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WHY DOES WINTER HAPPEN? What causes frost, ice, snow . . . and pot-holes?

The answer to all of these, of course, is science - the laws and processes of nature.Winter storms in, sending us reaching for boots and overcoats, not because the sun moves farther away after autumn's leave-taking but because sunlight now falls upon the Earth at an angle, spreading its energy more thinly and coolly (the opposite occurs in the Southern Hemisphere, where the seasons are reversed).

In fact, the winter sun is several million miles closer to us than its summer counterpart.

Go outdoors on a wintry morning, and you can see your warm breath explode like white dragon's fire in the chill air: These frosty plumes arise when hot gas collides with cold, chilling your breath rapidly to the point where its moisture crystallizes around microscopic nuclei in the air to form myriad floating droplets.

Already you may have observed this condensation phenomenon in action twice earlier when your breath fogged the morning windowpane and your warm breakfast toast "exhaled" a glossy patina of droplets onto its plate.

And notice now on the porch the crown of ice on the dog's water, another signature of the season. Why does water freeze in cold weather, anyhow? And why at 32 degrees Fahrenheit?

Heat is motion and energy, you know - faster-moving molecules are hotter than slower ones. So as water cools in the frigid air, random pockets of more sluggish molecules transform into ice "islands" that in turn may melt again as they swirl into still-warm neighboring regions.

But soon the ice islands begin to grow in size and number until they overwhelm the warmer enclaves and start joining forces - chill island links up with chill island - in icy solidification.

Few of us winter watchers are aware that in fact very pure water won't freeze until it plunges close to minus 40 degrees Fahrenheit. This is because ice is formed of crystals that take shape around precipitating nuclei, or "seeds," so impurities in everyday water are instrumental in bolstering the size of those early ice islands to allow freezing at around the customary 32 degrees Fahrenheit.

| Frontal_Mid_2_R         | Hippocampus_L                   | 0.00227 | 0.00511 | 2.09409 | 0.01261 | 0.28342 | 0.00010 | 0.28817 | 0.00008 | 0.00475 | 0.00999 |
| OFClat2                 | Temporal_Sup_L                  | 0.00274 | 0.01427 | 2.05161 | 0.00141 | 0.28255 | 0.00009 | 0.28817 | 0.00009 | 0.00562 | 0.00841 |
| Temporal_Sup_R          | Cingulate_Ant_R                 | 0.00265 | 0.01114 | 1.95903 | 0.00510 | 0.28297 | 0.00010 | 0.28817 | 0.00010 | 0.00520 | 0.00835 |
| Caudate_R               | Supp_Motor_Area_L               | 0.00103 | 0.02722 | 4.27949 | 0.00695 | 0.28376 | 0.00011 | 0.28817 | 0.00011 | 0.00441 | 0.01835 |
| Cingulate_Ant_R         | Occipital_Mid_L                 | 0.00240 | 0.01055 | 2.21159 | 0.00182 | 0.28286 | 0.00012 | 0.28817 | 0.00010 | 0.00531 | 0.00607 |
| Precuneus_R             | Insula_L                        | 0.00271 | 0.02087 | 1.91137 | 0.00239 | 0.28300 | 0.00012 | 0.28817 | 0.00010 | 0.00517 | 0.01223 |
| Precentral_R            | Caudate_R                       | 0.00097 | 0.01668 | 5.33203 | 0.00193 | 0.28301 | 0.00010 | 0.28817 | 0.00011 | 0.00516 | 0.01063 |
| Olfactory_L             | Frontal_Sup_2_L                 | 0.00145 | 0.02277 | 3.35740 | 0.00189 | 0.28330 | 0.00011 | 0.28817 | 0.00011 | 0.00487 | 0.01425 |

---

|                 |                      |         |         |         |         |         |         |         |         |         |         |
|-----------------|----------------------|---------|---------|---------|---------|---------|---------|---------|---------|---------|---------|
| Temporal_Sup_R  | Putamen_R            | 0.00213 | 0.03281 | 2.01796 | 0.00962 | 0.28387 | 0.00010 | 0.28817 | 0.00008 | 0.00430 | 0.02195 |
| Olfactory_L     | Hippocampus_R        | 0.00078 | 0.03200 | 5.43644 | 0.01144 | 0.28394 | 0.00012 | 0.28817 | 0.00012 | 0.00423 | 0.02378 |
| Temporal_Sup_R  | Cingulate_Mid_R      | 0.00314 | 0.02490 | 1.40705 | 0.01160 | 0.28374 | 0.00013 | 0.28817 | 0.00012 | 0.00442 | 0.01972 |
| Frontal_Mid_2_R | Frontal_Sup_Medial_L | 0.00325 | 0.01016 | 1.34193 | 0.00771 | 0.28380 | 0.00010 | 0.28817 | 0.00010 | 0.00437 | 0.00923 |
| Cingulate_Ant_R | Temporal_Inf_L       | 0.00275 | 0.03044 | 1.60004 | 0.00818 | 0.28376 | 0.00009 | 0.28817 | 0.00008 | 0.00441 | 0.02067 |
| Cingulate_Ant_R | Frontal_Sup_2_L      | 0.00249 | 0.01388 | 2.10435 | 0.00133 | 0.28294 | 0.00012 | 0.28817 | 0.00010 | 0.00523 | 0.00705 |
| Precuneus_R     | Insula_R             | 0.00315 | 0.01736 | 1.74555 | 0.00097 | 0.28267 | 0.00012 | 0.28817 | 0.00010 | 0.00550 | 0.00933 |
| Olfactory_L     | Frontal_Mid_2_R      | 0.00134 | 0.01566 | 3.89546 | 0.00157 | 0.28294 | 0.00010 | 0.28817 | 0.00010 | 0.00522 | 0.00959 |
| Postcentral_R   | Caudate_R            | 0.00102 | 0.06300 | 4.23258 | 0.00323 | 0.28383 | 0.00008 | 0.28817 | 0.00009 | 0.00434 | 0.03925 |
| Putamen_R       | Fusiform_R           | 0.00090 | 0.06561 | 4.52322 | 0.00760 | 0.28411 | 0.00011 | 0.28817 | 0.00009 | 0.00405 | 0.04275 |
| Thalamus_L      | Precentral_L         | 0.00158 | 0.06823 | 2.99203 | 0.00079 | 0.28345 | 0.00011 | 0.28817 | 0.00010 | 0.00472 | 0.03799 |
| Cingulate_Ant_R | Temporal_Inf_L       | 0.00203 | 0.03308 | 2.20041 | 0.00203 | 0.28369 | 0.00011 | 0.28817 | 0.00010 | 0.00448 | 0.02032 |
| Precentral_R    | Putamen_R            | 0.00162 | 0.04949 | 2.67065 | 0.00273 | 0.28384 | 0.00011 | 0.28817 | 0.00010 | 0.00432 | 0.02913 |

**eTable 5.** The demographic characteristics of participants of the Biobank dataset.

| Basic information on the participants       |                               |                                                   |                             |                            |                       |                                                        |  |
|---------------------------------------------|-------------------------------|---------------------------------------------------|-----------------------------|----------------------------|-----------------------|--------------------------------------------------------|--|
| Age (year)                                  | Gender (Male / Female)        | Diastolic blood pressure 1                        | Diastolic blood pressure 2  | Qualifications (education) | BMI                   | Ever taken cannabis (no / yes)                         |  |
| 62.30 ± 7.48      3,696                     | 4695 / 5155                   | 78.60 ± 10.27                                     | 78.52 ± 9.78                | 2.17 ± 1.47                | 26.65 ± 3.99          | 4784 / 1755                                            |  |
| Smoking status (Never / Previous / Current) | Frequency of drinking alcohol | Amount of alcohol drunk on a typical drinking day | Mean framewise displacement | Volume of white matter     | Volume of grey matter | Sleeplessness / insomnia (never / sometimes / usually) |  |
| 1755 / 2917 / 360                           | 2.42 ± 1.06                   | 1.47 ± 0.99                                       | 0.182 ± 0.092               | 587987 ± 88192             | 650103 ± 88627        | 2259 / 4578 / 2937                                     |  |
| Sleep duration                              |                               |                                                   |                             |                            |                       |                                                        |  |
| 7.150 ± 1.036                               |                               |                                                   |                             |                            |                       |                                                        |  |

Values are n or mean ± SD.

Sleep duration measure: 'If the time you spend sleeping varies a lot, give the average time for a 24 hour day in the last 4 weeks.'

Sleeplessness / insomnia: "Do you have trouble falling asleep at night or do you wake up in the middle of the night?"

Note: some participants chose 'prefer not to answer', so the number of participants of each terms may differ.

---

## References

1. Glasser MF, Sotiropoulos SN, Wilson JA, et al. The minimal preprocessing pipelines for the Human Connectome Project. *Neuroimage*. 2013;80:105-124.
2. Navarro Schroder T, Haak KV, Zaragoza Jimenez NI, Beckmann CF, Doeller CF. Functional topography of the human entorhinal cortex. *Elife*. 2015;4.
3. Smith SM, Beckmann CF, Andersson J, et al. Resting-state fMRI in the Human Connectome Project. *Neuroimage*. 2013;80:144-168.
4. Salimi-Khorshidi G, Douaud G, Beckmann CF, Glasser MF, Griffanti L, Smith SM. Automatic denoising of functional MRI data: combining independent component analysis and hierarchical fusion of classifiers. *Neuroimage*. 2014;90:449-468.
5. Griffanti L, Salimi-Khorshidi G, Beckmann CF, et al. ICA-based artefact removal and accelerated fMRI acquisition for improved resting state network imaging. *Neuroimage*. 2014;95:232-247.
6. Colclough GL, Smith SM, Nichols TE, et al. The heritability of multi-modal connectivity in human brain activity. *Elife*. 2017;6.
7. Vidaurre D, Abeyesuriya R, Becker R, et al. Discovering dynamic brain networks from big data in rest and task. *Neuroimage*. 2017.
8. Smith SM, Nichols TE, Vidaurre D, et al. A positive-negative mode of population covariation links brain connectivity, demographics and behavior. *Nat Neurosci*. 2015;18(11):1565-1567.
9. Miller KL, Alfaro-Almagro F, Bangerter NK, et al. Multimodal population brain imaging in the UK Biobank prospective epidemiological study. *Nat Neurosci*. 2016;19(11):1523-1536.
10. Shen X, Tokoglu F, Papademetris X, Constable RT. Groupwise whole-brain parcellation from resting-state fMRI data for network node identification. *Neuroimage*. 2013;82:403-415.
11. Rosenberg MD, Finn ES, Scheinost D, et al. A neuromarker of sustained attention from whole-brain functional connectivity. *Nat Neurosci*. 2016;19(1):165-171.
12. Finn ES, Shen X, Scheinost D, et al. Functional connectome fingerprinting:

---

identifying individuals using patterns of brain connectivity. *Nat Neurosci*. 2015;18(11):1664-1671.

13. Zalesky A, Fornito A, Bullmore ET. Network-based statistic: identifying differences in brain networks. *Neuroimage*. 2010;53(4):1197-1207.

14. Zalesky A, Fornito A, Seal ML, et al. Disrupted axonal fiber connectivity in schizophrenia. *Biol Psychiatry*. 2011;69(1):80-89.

Whether it's your dog's water or the nearby skating pond, water freezes from the surface down, of course. This happens not only because heat radiates away fastest at the surface but also because the warmer layers of water are heavier and sink, leaving the icier stuff to accumulate even faster at the top.

Because the earth at the bottom of a pond or river is usually warmer than the winter air, it can act as a "slow-burn" heater that delays or prevents freezing above. For this reason, transportation engineers will sometimes install bubbling systems at the bottoms of rivers to help float the deep warmer water toward the top in order to prevent freezing and thereby keep the waterways open for travel.

There's an old tale of freezing water that dates back to the time of Francis Bacon, the 16th-century English philosopher, who was astonished to notice one cold winter day that when he set out two pans of water, one hot and one only warm, the hot one froze first!

This phenomenon, widely observed in more arctic countries such as Canada and Iceland, still amazes people in warmer climes. Some years ago, a savvy high-school student in equatorial Tanzania reportedly dumbfounded his skeptical teacher by performing Bacon's water experiment before the class.

The story was picked up in scientific journals, creating a minor hubbub, and thus the phenomenon was rediscovered for thousands of winter watchers in more moderate zones.